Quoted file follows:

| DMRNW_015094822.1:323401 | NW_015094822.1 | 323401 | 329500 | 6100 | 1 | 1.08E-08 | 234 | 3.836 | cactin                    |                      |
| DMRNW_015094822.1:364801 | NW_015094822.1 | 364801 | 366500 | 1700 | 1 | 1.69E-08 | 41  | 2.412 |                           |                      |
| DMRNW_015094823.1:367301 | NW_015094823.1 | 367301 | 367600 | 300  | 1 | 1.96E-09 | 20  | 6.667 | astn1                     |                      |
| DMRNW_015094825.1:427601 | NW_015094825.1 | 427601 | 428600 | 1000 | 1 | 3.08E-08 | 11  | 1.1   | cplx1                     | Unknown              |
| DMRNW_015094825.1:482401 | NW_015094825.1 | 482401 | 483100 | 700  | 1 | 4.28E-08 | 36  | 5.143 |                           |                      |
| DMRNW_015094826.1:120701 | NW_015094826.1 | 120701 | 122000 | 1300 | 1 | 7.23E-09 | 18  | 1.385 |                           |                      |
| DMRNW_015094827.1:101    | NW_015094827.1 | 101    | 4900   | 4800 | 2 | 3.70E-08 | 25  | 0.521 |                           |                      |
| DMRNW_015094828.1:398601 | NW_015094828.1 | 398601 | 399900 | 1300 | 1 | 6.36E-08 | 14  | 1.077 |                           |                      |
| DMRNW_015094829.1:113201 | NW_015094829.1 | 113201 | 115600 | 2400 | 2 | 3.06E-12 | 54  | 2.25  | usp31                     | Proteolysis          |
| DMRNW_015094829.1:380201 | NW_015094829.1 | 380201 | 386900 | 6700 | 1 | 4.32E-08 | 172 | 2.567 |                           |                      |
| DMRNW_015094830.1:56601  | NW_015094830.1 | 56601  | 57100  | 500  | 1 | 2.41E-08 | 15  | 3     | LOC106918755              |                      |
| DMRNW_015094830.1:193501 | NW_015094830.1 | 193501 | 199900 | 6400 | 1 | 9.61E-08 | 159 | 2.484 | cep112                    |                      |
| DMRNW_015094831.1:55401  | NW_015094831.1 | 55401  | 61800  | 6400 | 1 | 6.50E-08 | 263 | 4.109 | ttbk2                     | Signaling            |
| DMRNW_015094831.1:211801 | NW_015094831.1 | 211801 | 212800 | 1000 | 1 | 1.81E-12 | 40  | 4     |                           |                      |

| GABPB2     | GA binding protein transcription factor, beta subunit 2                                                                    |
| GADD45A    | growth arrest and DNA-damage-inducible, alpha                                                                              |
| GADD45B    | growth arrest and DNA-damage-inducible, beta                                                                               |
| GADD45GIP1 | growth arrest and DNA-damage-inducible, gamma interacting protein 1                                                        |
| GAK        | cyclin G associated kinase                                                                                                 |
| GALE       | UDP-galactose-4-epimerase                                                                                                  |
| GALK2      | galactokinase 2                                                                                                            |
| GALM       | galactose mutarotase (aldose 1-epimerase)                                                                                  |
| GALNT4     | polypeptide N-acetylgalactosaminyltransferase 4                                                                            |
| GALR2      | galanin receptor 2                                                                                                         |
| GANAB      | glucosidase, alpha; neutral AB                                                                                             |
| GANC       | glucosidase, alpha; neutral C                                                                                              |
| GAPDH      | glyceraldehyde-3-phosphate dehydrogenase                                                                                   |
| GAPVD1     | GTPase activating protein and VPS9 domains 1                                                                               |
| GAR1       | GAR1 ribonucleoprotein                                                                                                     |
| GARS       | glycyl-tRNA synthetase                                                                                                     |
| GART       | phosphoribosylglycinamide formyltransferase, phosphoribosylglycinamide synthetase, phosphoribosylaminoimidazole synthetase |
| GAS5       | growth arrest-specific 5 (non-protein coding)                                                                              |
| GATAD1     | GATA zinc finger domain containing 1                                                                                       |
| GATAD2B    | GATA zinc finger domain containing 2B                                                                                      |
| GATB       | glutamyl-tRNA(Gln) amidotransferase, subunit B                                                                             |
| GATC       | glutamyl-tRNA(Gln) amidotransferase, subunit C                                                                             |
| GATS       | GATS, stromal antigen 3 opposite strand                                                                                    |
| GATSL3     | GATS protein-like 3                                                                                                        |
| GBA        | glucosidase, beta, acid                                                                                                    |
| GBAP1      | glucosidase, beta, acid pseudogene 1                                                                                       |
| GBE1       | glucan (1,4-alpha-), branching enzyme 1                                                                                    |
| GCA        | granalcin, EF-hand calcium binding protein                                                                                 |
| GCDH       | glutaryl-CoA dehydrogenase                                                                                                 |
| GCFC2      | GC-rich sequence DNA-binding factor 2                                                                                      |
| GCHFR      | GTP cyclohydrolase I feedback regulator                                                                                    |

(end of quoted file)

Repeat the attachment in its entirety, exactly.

| DMRNW_015094822.1:323401 | NW_015094822.1 | 323401 | 329500 | 6100 | 1 | 1.08E-08 | 234 | 3.836 | cactin                    |                      |
| DMRNW_015094822.1:364801 | NW_015094822.1 | 364801 | 366500 | 1700 | 1 | 1.69E-08 | 41  | 2.412 |                           |                      |
| DMRNW_015094823.1:367301 | NW_015094823.1 | 367301 | 367600 | 300  | 1 | 1.96E-09 | 20  | 6.667 | astn1                     |                      |
| DMRNW_015094825.1:427601 | NW_015094825.1 | 427601 | 428600 | 1000 | 1 | 3.08E-08 | 11  | 1.1   | cplx1                     | Unknown              |
| DMRNW_015094825.1:482401 | NW_015094825.1 | 482401 | 483100 | 700  | 1 | 4.28E-08 | 36  | 5.143 |                           |                      |
| DMRNW_015094826.1:120701 | NW_015094826.1 | 120701 | 122000 | 1300 | 1 | 7.23E-09 | 18  | 1.385 |                           |                      |
| DMRNW_015094827.1:101    | NW_015094827.1 | 101    | 4900   | 4800 | 2 | 3.70E-08 | 25  | 0.521 |                           |                      |
| DMRNW_015094828.1:398601 | NW_015094828.1 | 398601 | 399900 | 1300 | 1 | 6.36E-08 | 14  | 1.077 |                           |                      |
| DMRNW_015094829.1:113201 | NW_015094829.1 | 113201 | 115600 | 2400 | 2 | 3.06E-12 | 54  | 2.25  | usp31                     | Proteolysis          |
| DMRNW_015094829.1:380201 | NW_015094829.1 | 380201 | 386900 | 6700 | 1 | 4.32E-08 | 172 | 2.567 |                           |                      |
| DMRNW_015094830.1:56601  | NW_015094830.1 | 56601  | 57100  | 500  | 1 | 2.41E-08 | 15  | 3     | LOC106918755              |                      |
| DMRNW_015094830.1:193501 | NW_015094830.1 | 193501 | 199900 | 6400 | 1 | 9.61E-08 | 159 | 2.484 | cep112                    |                      |
| DMRNW_015094831.1:55401  | NW_015094831.1 | 55401  | 61800  | 6400 | 1 | 6.50E-08 | 263 | 4.109 | ttbk2                     | Signaling            |
| DMRNW_015094831.1:211801 | NW_015094831.1 | 211801 | 212800 | 1000 | 1 | 1.81E-12 | 40  | 4     |                           |                      |

| GABPB2     | GA binding protein transcription factor, beta subunit 2                                                                    |
| GADD45A    | growth arrest and DNA-damage-inducible, alpha                                                                              |
| GADD45B    | growth arrest and DNA-damage-inducible, beta                                                                               |
| GADD45GIP1 | growth arrest and DNA-damage-inducible, gamma interacting protein 1                                                        |
| GAK        | cyclin G associated kinase                                                                                                 |
| GALE       | UDP-galactose-4-epimerase                                                                                                  |
| GALK2      | galactokinase 2                                                                                                            |
| GALM       | galactose mutarotase (aldose 1-epimerase)                                                                                  |
| GALNT4     | polypeptide N-acetylgalactosaminyltransferase 4                                                                            |
| GALR2      | galanin receptor 2                                                                                                         |
| GANAB      | glucosidase, alpha; neutral AB                                                                                             |
| GANC       | glucosidase, alpha; neutral C                                                                                              |
| GAPDH      | glyceraldehyde-3-phosphate dehydrogenase                                                                                   |
| GAPVD1     | GTPase activating protein and VPS9 domains 1                                                                               |
| GAR1       | GAR1 ribonucleoprotein                                                                                                     |
| GARS       | glycyl-tRNA synthetase                                                                                                     |
| GART       | phosphoribosylglycinamide formyltransferase, phosphoribosylglycinamide synthetase, phosphoribosylaminoimidazole synthetase |
| GAS5       | growth arrest-specific 5 (non-protein coding)                                                                              |
| GATAD1     | GATA zinc finger domain containing 1                                                                                       |
| GATAD2B    | GATA zinc finger domain containing 2B                                                                                      |
| GATB       | glutamyl-tRNA(Gln) amidotransferase, subunit B                                                                             |
| GATC       | glutamyl-tRNA(Gln) amidotransferase, subunit C                                                                             |
| GATS       | GATS, stromal antigen 3 opposite strand                                                                                    |
| GATSL3     | GATS protein-like 3                                                                                                        |
| GBA        | glucosidase, beta, acid                                                                                                    |
| GBAP1      | glucosidase, beta, acid pseudogene 1                                                                                       |
| GBE1       | glucan (1,4-alpha-), branching enzyme 1                                                                                    |
| GCA        | granalcin, EF-hand calcium binding protein                                                                                 |
| GCDH       | glutaryl-CoA dehydrogenase                                                                                                 |
| GCFC2      | GC-rich sequence DNA-binding factor 2                                                                                      |
| GCHFR      | GTP cyclohydrolase I feedback regulator                                                                                    |